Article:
Observers say events to mark country's national pride could have been targeted as Islamabad fights battle against militants.
Pakistan refrains from nuclear day celebrations
ISLAMABAD // Pakistan commemorated its 11th nuclear anniversary last week in an uncharacteristically subdued manner. Unlike past years the day passed without much fanfare and jubilation, with the country still rattled by a car bombing in Lahore the day before that left 30 people dead.
"The country is in the middle of a war and in this context, this moment of national pride passed without any official celebration," said Maria Sultan, who heads the South Asian Strategic Stability Institute, an independent think tank based in London that focuses on nuclear issues. "The leadership is completely overtaken by the complexities that have been put forward by this war." Ms Sultan said because there were fears that the terrorists could target any national event marking the nuclear anniversary, "official celebrations were deferred in larger interests of national security".
Pakistan's nuclear programme is under immense international scrutiny amid fears of nuclear weapons falling into the hands of Taliban militants, who have been battling the country's security forces. Pakistan detonated its nuclear bomb on May 28 1998 under the premiership of Nawaz Sharif, the current opposition leader and two-time former prime minister. While the national sentiment continues to glorify the country's nuclear bomb, concerns about the safety of Pakistan's nuclear programme and its expansion keep surfacing internationally.
The Washington Post reported last week that "some time next year, at a tightly guarded site south of its capital, Pakistan will be ready to start churning out a new stream of plutonium for its nuclear arsenal, which will eventually include warheads for ballistic missiles and cruise missiles capable of being launched from ships, submarines or aircraft". While addressing a crowd of supporters in Lahore on Thursday, Mr Sharif struck a rather sombre tone and stressed the programme's safety.
Yousaf Raza Gilani, the prime minister, said on Friday that nuclear weapons were a "cornerstone of Pakistan's deterrence strategy". "We are determined to retain nuclear deterrence at all cost and no compromise will be made on our core security interest", a statement released by the prime minister's office read. Some Pakistani analysts say the alarm over the country's nuclear programme is exaggerated.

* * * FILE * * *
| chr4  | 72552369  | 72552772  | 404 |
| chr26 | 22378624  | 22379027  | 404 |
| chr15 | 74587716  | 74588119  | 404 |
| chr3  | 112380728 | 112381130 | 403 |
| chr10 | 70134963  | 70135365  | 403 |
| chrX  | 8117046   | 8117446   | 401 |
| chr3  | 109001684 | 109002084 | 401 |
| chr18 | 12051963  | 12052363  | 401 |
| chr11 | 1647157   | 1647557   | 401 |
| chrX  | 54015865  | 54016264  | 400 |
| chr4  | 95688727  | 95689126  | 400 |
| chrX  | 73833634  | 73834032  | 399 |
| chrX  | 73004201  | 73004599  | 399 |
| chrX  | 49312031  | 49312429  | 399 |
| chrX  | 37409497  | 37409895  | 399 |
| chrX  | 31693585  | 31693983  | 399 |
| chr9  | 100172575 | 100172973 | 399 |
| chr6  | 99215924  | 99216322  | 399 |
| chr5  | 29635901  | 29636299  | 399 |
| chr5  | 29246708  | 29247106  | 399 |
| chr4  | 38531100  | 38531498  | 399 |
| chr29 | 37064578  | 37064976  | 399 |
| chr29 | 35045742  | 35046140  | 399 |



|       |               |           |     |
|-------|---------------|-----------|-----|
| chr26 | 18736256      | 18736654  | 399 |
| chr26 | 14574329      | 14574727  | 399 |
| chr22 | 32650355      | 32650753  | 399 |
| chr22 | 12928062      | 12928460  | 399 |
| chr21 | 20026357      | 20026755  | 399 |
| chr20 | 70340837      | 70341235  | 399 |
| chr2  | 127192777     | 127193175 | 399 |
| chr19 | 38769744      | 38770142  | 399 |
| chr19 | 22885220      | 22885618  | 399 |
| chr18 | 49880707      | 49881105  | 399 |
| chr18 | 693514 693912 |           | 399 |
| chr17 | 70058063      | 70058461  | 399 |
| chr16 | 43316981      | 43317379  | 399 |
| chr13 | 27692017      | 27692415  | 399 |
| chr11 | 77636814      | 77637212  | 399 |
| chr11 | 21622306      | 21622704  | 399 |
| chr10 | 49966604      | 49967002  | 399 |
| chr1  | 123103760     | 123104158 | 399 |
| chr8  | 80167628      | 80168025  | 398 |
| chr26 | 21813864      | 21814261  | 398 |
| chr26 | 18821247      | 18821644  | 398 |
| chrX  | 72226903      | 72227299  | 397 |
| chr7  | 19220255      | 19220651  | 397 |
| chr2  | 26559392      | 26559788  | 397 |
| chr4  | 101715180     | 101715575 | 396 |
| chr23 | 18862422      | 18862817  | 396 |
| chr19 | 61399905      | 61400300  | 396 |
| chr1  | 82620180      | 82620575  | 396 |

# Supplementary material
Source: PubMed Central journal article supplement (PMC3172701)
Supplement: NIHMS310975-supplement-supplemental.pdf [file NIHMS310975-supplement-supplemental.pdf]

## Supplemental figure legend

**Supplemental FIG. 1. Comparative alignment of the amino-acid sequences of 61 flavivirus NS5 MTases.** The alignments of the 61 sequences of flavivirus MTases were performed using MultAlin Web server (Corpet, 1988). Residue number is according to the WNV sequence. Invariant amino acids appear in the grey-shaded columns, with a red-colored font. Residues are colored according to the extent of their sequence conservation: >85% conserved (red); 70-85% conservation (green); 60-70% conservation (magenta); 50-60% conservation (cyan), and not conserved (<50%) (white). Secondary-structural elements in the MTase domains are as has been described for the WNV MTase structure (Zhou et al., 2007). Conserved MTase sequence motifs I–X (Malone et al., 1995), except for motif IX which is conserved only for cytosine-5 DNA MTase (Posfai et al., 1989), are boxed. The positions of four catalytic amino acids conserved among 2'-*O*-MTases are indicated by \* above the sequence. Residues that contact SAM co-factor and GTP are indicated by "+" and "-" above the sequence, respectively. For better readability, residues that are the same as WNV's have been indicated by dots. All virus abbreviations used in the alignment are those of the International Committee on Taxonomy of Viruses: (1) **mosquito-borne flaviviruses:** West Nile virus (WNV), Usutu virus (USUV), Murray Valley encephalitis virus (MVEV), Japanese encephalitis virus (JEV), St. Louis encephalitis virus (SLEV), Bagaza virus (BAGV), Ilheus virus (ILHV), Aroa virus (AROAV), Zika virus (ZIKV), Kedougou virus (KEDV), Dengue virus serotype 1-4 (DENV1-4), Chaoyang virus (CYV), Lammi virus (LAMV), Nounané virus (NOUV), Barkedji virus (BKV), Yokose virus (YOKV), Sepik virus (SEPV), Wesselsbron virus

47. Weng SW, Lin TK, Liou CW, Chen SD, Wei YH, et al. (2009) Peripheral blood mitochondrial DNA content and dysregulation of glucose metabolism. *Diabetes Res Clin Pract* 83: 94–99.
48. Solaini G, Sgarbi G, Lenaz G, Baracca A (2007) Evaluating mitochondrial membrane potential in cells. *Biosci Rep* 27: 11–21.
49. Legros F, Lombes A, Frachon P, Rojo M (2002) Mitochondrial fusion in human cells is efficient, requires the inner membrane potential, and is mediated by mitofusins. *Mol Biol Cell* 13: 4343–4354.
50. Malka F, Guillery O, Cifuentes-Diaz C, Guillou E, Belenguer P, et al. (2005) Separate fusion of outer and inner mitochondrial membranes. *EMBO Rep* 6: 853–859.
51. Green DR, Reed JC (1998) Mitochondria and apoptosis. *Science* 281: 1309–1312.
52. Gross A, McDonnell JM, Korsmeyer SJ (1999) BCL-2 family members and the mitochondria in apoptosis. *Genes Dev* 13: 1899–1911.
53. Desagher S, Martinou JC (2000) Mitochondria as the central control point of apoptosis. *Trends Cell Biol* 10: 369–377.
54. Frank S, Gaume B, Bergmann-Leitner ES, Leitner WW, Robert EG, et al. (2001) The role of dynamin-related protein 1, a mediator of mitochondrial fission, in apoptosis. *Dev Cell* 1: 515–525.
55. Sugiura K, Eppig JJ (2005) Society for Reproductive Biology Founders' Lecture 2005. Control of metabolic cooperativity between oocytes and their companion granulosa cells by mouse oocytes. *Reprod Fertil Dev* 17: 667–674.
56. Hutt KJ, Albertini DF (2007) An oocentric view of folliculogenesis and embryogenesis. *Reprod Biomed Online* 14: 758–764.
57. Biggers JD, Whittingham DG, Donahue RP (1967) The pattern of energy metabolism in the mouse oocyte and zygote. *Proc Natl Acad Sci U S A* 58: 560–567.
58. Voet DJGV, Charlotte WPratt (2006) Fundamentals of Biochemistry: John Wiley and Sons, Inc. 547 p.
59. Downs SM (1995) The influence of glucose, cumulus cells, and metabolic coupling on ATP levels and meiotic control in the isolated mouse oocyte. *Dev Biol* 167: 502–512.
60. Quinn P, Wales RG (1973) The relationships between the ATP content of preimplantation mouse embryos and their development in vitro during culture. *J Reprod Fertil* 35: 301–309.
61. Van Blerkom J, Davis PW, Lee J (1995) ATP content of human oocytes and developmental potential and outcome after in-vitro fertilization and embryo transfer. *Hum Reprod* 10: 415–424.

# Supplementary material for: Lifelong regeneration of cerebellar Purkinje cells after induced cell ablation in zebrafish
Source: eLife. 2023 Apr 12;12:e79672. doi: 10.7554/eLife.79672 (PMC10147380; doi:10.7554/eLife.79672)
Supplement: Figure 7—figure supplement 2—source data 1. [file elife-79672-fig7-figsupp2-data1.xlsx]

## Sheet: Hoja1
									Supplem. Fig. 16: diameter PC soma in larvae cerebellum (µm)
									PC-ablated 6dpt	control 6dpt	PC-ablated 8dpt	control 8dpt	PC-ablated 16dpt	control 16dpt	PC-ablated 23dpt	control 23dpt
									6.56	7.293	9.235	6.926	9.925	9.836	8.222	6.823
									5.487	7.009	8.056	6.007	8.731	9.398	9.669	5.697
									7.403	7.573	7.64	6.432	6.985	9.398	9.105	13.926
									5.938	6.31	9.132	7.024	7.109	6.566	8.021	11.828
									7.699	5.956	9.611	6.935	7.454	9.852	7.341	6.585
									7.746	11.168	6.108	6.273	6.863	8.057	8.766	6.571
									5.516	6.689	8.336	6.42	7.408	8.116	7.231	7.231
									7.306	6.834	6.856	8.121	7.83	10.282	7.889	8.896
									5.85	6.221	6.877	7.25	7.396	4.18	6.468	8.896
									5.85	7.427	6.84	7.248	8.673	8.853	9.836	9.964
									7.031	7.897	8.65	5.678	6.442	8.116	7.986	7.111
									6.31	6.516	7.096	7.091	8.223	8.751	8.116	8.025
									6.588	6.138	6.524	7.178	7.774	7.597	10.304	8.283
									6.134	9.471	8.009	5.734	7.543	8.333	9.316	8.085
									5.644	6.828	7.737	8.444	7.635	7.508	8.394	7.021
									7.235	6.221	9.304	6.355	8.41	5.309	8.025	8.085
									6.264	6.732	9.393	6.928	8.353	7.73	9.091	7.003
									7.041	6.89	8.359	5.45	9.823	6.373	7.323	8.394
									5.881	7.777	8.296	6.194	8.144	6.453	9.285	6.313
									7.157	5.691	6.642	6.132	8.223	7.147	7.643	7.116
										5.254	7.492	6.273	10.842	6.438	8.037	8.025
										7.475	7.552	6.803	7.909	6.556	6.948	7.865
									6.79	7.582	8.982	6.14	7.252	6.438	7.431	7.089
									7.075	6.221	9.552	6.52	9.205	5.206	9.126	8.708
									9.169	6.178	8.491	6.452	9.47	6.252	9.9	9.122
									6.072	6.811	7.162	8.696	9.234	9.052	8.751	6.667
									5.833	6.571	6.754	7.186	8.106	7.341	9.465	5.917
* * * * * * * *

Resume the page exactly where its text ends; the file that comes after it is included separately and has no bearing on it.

"There is a deliberate, orchestrated campaign in the West against our nuclear programme," Mansoor Ahmed, an Islamabad-based independent researcher working on Pakistan's nuclear programme, said in an interview. "It is centred around the safety and security of Pakistan's nuclear arsenal and the expansion in its existing nuclear infrastructure. "Despite repeated briefings and assurances by the Pakistani nuclear establishment and officials of the government on the safety of the nuclear programme, the western media continues to come up with a new story every week that creates doubt about the country's nuclear arsenal's security."
That the campaign is heating up now is not coincidental, Mr Ahmed said "It seems to be particularly timed with Pakistan's war on Taliban militants," he said. Ms Sultan agrees. "The basic issue is that the United States understands that Pakistan is sensitive to its nuclear programme. And the pressure exerted by the US on Pakistani government on nuclear issues is to tailor Pakistani policies regarding the Taliban in accordance with American terms," she said.
"It is absurd to think that Taliban can get access to any part of the nuclear programme, let alone take over the weapons themselves, given that Pakistan has established an institutionalised and state-of-the-art nuclear command and control system," Mr Ahmed said. "It includes a 10,000-strong force of personnel dedicated to the physical security of all of Pakistan's nuclear facilities." "As far as Abdul Qadeer Khan's proliferation is concerned, he managed to smuggle out some used gas centrifuges to Iran, Libya and North Korea", Mr Mansoor said, referring to the scientist regarded as the founder of Pakistan's nuclear programme, who was involved in a clandestine network of nuclear weapons technology proliferation.
"But centrifuge technology has to be built in-house for successful enrichment of uranium and a few dozen centrifuges alone are not sufficient unless all the other technologies are mastered," Mr Mansoor said. "These include expertise in uranium processing and conversion without which enrichment is not possible and in post enrichment phase, uranium metallurgy and all aspects of nuclear weapons design, development and testing - none of which was illicitly exported out of Pakistan."
But some in the country vehemently oppose the concentration on nuclear weapons. "Pakistan's security problems cannot be solved by better weapons", wrote Pervez Hoodbhoy, a nuclear physicist, in Dawn, the country's leading daily newspaper. "Instead, the way forward lies in building a sustainable and active democracy, an economy for peace rather than war, a federation in which provincial grievances can be effectively resolved, elimination of the feudal order and creating a society that respects the rule of law." firstname.lastname@example.org